The problem Francisco Velazquez, a 14-year-old freshman at Balboa High
School was having, brought to mind an issue that I had been thinking
about: people cause themselves suffering for fear of losing social
In Velazquez's school there are two lunch lines. One line is for kids
that get subsidized lunch with foods mandated by the federal government.
While the students that pay stand on another line and are offered a
totally different menu.
This system publicly divides the haves from the have-nots and Francisco
Velazquez is not interested in being tagged as a have-not. Being seen
with a subsidized meal lowers your status. Francisco can't afford to buy
lunch, therefore he doesn't eat lunch.
This reminded me of a conversation I had while sitting at the
smorgasbord of a wedding. I didn't know either side of the wedding party
very well, but I helped raise money for the wedding so I thought it was
only right for me to show up and wish the family Mazal Tov.
I turned to the person next to me and asked him who he was related to at
this wedding. To which he answered, "Neither side, I just helped out
here with money so they can afford the wedding and I felt I wanted to
come and say Mazal Tov."
It then dawned on me that many people earn enough money for daily
expenses, yet they still want additional help when making a wedding. The
extra help is needed because of the fear - the same fear that students
like Velazquez have - of not being able to be like others.
The real question is why do we allow ourselves to feel forced to make
weddings and Bar Mitzvahs that are beyond what we can afford?
The trappings we can't afford are not what make a wedding Kosher. For a
wedding to be kosher all you need is a Kosher Rabbi, two kosher
witnesses, a Minyan/required quorum of ten men and a Seudah/festive
meal. All the rest is not necessary for couple to be married, and for
that matter is no guarantee for a happy marriage. It is certainly not
part of the Mitzvah to go into debt when planning a joyous occasion.
In fact, the less financial strain on the couple and their parents, the
more likely it is that the marriage starts off on the right foot. When
there is so much financial strain and tension the marriage can start off
There's the matter of the overdone pictures and video, music, clothing,
decor and of course, my pet peeve: the guests.
My favorite line about this topic is one that I've often said, "When you
make a wedding, you invite those who you feel obligated to invite but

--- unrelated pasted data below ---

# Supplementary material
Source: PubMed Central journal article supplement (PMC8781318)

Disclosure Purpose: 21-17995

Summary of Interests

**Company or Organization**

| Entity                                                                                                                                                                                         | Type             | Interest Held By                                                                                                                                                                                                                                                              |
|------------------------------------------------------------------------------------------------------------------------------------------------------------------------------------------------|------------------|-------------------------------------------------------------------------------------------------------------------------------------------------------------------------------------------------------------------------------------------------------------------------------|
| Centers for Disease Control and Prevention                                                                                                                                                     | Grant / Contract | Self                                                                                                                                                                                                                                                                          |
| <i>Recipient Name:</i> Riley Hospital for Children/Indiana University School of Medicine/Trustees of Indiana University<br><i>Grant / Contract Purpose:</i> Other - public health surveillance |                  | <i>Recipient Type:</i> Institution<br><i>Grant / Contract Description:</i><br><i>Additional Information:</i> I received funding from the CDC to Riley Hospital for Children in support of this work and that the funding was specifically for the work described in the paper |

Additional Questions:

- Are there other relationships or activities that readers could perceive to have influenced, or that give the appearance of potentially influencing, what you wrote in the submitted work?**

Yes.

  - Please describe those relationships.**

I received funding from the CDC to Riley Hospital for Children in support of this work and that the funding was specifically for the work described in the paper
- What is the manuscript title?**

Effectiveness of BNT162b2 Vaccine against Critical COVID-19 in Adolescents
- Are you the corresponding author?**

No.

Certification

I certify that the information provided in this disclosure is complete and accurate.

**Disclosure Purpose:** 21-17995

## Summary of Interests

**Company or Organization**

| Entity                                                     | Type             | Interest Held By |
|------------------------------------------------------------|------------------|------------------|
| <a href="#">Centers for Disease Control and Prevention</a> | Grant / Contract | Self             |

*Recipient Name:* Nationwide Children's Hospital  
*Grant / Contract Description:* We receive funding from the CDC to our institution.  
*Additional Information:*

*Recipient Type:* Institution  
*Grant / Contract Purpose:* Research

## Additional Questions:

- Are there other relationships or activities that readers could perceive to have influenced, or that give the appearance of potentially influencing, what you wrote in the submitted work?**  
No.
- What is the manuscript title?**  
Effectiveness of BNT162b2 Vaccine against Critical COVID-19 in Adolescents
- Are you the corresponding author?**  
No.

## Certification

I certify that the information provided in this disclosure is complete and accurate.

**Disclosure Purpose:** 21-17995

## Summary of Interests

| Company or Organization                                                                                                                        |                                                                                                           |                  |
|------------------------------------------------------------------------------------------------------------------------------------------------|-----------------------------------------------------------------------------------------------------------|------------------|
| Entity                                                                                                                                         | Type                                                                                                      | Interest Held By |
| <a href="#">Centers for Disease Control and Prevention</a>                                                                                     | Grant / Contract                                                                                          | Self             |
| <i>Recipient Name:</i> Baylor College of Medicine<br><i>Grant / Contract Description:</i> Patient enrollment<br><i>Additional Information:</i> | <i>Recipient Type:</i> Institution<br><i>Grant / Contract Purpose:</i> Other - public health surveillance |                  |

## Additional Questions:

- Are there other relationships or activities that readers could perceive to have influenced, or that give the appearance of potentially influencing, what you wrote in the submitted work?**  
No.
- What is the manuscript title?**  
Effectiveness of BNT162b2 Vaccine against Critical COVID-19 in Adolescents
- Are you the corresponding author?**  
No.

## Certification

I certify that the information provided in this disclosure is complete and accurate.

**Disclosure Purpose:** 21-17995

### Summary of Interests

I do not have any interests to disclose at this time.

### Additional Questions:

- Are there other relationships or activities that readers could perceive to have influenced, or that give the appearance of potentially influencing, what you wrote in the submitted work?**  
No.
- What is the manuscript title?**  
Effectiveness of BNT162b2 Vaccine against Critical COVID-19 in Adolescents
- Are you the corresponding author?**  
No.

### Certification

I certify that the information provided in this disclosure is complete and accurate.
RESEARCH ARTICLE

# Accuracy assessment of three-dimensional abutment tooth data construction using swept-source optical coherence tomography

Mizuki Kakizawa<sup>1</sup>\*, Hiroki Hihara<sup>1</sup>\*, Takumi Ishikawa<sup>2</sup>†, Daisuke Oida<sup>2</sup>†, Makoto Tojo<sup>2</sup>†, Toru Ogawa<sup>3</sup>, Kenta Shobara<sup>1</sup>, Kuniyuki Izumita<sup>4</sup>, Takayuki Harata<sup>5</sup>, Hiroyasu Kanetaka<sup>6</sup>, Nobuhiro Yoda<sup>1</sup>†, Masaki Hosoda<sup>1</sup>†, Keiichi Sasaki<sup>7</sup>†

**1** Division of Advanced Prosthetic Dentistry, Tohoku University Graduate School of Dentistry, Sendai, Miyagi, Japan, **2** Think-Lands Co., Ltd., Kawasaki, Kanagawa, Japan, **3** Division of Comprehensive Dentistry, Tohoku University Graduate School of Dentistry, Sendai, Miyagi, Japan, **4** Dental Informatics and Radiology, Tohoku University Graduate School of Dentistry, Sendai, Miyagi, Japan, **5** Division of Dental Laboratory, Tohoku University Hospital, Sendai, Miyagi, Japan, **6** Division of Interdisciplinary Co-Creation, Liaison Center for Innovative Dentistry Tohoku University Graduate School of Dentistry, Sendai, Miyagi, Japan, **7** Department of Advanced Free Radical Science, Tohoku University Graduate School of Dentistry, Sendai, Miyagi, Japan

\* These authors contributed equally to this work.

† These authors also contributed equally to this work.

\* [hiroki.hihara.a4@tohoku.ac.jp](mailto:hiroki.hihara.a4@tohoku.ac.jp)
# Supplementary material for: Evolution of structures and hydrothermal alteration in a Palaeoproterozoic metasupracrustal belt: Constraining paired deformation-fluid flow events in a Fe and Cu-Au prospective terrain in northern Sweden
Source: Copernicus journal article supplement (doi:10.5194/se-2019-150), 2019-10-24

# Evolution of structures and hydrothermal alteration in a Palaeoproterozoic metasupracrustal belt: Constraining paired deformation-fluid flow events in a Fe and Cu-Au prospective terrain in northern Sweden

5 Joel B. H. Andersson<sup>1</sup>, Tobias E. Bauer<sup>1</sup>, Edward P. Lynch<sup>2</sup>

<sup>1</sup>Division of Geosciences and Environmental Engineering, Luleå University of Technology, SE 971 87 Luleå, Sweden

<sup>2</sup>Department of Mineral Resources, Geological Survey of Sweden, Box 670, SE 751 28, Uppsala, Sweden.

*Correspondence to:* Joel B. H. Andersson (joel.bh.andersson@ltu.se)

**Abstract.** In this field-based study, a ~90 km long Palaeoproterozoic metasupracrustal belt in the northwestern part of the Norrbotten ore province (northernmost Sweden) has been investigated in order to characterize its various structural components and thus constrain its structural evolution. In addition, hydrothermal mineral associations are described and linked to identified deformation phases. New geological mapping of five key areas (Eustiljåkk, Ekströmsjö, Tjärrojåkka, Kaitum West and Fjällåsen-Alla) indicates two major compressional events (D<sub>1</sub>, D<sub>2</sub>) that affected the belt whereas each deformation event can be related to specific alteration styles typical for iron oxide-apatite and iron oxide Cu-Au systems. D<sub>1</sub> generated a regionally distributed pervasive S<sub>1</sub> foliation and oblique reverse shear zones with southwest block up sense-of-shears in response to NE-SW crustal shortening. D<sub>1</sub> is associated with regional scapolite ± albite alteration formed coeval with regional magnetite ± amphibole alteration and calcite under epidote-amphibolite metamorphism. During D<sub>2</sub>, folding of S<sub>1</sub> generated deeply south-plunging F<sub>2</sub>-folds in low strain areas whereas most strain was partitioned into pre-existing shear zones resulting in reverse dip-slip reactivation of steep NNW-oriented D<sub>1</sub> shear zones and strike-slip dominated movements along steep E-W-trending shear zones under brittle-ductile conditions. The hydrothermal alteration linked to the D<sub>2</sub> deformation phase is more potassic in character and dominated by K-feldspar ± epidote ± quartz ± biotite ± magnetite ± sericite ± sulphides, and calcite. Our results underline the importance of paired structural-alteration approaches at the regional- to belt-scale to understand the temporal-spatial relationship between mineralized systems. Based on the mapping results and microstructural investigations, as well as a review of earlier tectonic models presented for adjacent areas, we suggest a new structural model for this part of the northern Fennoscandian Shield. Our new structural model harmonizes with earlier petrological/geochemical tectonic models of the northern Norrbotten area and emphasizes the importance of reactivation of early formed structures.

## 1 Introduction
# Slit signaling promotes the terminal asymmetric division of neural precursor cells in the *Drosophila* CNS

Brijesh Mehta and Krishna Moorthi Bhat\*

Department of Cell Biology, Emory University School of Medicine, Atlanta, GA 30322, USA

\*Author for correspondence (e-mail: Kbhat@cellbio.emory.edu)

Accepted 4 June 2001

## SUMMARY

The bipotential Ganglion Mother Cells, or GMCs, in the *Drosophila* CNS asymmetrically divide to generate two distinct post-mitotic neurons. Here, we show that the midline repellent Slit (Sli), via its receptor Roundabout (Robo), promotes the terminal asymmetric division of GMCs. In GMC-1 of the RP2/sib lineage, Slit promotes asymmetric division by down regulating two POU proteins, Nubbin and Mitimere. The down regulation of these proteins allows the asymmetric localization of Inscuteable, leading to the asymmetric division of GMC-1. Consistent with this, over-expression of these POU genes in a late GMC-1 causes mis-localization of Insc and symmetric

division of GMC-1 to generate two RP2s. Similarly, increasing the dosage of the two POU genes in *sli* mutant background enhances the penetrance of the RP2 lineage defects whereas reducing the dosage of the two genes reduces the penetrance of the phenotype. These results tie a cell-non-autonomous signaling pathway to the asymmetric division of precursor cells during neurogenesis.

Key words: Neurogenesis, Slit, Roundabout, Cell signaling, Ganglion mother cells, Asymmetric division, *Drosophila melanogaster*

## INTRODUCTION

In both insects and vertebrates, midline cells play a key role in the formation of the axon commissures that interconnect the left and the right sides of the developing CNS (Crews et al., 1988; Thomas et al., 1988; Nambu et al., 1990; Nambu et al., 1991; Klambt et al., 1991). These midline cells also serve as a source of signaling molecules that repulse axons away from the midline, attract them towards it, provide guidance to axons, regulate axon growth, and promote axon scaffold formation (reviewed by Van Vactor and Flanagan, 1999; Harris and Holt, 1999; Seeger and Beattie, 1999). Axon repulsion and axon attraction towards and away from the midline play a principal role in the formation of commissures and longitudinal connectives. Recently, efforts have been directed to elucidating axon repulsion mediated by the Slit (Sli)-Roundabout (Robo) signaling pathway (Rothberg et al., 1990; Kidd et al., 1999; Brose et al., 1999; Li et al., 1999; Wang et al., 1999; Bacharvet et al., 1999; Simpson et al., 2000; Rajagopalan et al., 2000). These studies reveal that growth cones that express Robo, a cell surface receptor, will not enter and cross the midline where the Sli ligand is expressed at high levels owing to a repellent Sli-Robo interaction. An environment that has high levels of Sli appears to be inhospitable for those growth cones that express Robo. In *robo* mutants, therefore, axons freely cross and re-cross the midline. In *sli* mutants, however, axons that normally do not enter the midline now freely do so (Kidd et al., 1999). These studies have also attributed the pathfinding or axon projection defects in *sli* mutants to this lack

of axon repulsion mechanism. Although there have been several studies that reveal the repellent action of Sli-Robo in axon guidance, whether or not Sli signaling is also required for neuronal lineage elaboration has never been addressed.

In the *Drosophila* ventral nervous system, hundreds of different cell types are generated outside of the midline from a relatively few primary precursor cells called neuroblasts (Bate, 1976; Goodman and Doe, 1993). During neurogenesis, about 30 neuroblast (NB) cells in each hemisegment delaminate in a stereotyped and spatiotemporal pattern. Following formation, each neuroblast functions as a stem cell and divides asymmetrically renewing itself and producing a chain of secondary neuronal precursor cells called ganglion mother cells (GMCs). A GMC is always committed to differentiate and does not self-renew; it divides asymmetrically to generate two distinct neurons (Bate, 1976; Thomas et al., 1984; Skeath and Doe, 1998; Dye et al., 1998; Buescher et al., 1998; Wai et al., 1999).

don't really want, they don't feel they want to come, but don't want to
say no, so they come and then they sit at your wedding and leave before
the main course because they don't feel obligated to you in any way."
There has been some relief in our communities about this issue with the
growing popularity of Simchas Chosson V'Kallah (instead of being invited
to the whole meal people are invited to partake in the dancing with the
bride and groom), but a greater change is possible and necessary.
The other day I came across an article that spoke of a change in a
This community has accepted self imposed restrictions regarding the
lavishness of the joyous occasions that they celebrate - starting from
the L'Chaim/engagement party through the Sheva Brochos (the seven
festive days after the wedding). These restrictions were made so that
everyone who makes a wedding still feels on par with everyone else and
not inferior. The married couple gets what everyone else gets. I think
this change is one that we can all learn from.
Do we really need to go into debt for our children's Bar Mitvah's and
weddings to make our children feel special on their special day? Is it
the menu that makes our kids feel special? The band?
I know someone who gives an equal amount of charity for whatever he pays
for his child's Bar Mitzvah or wedding. Therefore he's careful with what
he spends. He knows he has to afford double. It also gives him and his
children a chance to focus on priorities and remember those who are less
In this time that we all feel the strain of paying rent/mortgages and
paying tuition perhaps it's a good time for us to realize that - like
Francisco Velazquez - people don't want to be singled out for not being
able to afford what others can. Maybe now the time is ripe to follow
this group of Chassidim and collectively cut back on the unnecessary
expenses we can't afford.